South Africa's State-owned power utility Eskom is in the process of preparing an answering affidavit, which would be lodged with the South Gauteng High Court, in response to its former CEO Jacob Maroga, who is suing for reinstatement, or for R85,7-million in compensation.
Eskom was unable to immediately reveal nature of its counter arguments. But a spokesperson confirmed that its legal department was preparing a defence and that the document would be made public through the normal legal filing processes.
Eskom has claimed previously that Maroga's offer to quit his position, made during the board meeting of October 28, 2009, had been "clear and unambiguous", despite his persistent assertions since then that he had never tendered a resignation.
The offer was said to have been made verbally, and had never been put in writing.
The Eskom board, which had remained united on the point, despite the departure of Bobby Godsell as chairperson, when he felt that he was not receiving support from Eskom's shareholder (the South African government), had also always insisted that there would be no "golden handshake". It argued that Maroga would leave the organisation in the same manner as any other employee would if he or she had resigned.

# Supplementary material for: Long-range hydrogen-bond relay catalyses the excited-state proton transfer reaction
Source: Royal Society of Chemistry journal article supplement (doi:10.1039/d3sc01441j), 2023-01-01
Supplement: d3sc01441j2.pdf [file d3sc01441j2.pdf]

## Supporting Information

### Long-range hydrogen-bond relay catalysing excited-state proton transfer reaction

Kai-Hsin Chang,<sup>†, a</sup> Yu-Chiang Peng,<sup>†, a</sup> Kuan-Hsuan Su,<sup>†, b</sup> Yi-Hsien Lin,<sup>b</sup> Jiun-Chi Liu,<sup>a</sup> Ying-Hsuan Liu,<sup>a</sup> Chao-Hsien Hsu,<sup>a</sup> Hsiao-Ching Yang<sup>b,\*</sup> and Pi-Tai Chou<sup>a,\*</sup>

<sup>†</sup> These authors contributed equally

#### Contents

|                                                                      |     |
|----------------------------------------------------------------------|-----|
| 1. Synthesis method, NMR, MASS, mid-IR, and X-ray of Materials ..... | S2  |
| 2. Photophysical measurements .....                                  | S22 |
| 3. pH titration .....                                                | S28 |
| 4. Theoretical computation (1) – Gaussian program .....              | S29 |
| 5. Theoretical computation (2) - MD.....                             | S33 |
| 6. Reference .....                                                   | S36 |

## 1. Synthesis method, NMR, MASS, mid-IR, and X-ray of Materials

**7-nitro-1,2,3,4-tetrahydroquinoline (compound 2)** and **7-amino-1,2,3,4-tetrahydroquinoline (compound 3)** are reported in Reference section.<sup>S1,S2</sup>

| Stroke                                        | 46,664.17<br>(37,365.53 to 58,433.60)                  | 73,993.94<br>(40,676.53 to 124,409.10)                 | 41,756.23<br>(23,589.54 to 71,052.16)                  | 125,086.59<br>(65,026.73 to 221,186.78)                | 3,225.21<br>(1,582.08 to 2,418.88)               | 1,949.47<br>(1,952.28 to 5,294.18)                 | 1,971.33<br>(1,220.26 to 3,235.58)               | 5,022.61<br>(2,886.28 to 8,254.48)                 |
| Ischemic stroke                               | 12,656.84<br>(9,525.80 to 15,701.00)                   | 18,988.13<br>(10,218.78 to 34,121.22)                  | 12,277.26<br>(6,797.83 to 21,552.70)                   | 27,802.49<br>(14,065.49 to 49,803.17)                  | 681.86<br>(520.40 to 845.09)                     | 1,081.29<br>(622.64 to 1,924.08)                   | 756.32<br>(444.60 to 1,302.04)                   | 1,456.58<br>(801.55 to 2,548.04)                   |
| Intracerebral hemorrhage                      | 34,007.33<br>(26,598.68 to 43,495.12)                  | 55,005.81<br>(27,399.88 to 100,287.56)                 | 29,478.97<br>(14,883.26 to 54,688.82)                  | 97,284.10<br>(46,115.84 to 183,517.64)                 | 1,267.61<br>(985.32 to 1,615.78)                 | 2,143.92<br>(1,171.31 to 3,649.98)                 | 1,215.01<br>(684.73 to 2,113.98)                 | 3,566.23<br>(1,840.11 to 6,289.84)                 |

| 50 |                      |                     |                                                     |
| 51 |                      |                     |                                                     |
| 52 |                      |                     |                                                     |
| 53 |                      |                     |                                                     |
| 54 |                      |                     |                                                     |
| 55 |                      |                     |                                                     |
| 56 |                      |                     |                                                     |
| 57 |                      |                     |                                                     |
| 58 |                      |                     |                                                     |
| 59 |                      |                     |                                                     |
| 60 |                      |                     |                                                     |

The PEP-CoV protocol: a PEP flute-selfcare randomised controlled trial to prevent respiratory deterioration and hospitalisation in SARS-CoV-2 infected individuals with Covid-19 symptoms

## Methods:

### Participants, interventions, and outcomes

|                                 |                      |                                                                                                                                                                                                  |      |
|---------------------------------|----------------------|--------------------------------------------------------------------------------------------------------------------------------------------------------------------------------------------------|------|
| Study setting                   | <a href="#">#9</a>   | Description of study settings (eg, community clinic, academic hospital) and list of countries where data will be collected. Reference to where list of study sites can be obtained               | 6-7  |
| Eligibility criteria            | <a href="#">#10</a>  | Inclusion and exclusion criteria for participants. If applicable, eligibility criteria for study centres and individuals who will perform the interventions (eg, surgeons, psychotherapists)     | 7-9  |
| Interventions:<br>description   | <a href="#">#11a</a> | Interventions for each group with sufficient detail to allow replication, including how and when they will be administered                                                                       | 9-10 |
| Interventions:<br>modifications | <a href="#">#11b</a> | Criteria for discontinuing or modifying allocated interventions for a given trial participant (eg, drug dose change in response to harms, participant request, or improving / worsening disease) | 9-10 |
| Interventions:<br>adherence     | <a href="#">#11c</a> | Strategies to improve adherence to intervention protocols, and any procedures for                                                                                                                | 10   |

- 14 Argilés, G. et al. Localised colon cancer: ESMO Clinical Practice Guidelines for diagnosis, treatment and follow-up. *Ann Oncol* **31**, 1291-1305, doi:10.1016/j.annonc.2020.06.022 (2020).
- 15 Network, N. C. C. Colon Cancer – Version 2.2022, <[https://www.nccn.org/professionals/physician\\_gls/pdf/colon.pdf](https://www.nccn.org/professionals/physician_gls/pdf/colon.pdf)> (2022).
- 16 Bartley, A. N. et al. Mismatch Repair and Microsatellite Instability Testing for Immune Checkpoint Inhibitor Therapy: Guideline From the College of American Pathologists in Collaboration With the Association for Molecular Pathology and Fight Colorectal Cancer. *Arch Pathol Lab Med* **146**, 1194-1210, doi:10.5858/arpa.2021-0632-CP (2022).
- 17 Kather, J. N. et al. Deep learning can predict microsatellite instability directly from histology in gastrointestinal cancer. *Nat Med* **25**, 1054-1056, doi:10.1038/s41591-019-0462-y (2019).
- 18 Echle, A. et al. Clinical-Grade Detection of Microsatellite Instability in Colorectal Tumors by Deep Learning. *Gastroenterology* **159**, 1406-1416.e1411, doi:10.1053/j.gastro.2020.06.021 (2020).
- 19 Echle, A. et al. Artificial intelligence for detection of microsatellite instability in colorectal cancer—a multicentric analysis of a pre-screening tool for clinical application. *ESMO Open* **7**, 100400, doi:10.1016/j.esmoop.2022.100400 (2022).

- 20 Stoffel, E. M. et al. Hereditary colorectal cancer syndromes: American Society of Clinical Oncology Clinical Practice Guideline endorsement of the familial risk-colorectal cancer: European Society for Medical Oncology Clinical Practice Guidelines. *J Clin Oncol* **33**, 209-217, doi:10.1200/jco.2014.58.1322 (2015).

But Maroga claimed to have been "summarily dismissed", despite insufficient grounds to do so and had, thus, taken legal action.
In his application, which has been labelled "a disgrace" by the Congress of South African Trade Unions, Maroga's claim, according to The Times, showed that he was due: R1-million a year for a dedicated protector and driver for him and his family; R500 000 a year for home security; R100 000 for general home support; R1-million a year for personal assistance; around R100 000 a year for vehicle operation and maintenance costs; and R5 000 a month for medical aid, to the age of 80.
Eskom refused to comment, but one observer, who refused to be named, said it looked like the items had been grossly exaggerated as part of an "aim high" legal strategy.
Cosatu has labelled Maroga's compensation claim "massively excessive", adding that it was "yet another example of the culture of self-entitlement and greed".